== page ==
Author(s): Kane MA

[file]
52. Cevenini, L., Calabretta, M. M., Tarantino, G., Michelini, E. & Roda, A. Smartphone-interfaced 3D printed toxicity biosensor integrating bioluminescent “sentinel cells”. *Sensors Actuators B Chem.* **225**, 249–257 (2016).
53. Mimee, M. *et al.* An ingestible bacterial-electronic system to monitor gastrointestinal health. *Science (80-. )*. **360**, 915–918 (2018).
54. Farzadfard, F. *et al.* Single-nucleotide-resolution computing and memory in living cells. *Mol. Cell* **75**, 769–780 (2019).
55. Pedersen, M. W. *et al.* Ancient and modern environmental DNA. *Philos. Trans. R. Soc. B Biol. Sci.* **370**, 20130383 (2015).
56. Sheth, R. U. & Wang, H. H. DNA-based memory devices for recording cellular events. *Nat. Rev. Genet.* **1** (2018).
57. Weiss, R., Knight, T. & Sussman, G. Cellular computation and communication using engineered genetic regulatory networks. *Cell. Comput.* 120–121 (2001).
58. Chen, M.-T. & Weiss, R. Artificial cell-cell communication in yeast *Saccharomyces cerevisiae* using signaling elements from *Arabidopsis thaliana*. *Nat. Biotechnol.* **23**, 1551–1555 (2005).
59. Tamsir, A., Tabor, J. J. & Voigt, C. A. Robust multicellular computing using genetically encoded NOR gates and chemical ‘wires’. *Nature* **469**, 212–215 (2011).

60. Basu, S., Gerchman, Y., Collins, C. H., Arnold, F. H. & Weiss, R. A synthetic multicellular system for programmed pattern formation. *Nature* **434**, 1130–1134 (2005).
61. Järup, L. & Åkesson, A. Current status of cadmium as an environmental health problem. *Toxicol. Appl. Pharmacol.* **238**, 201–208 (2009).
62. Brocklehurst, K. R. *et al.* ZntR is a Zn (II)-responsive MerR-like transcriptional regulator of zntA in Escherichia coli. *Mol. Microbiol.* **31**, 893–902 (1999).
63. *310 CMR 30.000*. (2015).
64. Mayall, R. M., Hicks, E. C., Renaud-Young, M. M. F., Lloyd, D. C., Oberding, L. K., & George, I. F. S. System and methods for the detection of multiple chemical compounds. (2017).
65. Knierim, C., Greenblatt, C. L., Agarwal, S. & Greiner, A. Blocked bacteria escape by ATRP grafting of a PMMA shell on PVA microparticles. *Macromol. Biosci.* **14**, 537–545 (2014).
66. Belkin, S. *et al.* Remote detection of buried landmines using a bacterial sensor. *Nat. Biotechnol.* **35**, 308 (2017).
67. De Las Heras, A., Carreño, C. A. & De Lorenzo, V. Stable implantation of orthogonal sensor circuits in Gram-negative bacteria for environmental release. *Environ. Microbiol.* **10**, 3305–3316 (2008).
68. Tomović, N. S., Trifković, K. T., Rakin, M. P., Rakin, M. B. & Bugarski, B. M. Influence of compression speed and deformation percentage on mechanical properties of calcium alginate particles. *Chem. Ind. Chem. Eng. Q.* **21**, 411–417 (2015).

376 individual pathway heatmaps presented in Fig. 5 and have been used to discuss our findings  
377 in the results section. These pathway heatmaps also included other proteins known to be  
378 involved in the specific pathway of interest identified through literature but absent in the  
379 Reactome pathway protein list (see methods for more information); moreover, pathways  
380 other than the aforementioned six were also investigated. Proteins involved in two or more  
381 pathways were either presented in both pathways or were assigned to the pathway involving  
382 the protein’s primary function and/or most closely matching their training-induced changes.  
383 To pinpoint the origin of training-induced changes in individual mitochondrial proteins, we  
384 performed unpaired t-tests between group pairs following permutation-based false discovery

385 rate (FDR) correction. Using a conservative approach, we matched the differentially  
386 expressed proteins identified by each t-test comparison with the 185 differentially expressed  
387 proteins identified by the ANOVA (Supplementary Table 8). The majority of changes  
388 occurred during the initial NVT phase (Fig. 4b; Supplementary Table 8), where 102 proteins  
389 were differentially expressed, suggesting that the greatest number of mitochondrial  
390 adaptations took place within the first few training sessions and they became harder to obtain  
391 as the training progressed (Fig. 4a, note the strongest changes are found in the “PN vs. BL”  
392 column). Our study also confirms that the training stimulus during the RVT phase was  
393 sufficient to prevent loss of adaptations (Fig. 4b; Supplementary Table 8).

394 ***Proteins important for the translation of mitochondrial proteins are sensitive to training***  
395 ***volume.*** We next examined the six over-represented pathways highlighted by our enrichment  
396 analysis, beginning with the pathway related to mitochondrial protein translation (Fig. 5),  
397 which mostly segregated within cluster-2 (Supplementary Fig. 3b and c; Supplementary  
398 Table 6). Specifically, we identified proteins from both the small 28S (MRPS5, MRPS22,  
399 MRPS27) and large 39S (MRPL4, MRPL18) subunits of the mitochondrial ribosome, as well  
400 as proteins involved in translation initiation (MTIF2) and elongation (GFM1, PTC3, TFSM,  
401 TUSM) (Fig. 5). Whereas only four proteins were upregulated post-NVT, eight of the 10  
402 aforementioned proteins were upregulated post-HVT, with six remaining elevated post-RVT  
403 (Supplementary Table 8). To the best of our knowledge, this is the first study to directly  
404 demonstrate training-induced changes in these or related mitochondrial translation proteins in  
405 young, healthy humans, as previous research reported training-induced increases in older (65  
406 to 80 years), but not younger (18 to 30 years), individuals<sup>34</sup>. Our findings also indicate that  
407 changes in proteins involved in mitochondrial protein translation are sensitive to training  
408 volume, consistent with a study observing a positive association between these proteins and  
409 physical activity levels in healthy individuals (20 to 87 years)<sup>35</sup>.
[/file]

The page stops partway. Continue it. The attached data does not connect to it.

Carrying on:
Development of safe and effective vaccines against human papillomavirus (HPV)-the second vaccine against a major human cancer-is one of the most important medical and public health achievements of this century. As with all new vaccines, HPV is currently expensive and this cost precludes its use in the developing world, which has the greatest burden of disease from HPV-related cancers. Hepatitis B (HB) virus vaccine, which prevents chronic HB infection and related cirrhosis and liver cancer, has been successfully introduced as a routine vaccine for children in 89% of countries, including the poorest. The success of this vaccine provides a model for the introduction of HPV vaccine and control of cervical and other HPV-related cancers and genital warts. Lessons learned from HB vaccine introduction are relevant to our efforts to introduce HPV vaccine globally. As with HB vaccine, introduction of HPV vaccine into national immunization programs and routine use of this vaccine, funded by governments, will be needed to control HPV-related disease on a global basis. Global funding support will be needed to make control a reality for the poorest countries, and the program to accomplish this, the Global Alliance for Vaccines and Immunization (GAVI), has already expressed great interest in including HPV vaccine. For this to occur, the manufacturers will need to dramatically reduce the vaccine price for the poorest developing countries, and tier prices for wealthier developing countries not eligible for GAVI support. Countries will need to decide on the priority of HPV control in the context of other important new vaccines against pneumococcal pneumonia and rotavirus diarrhea.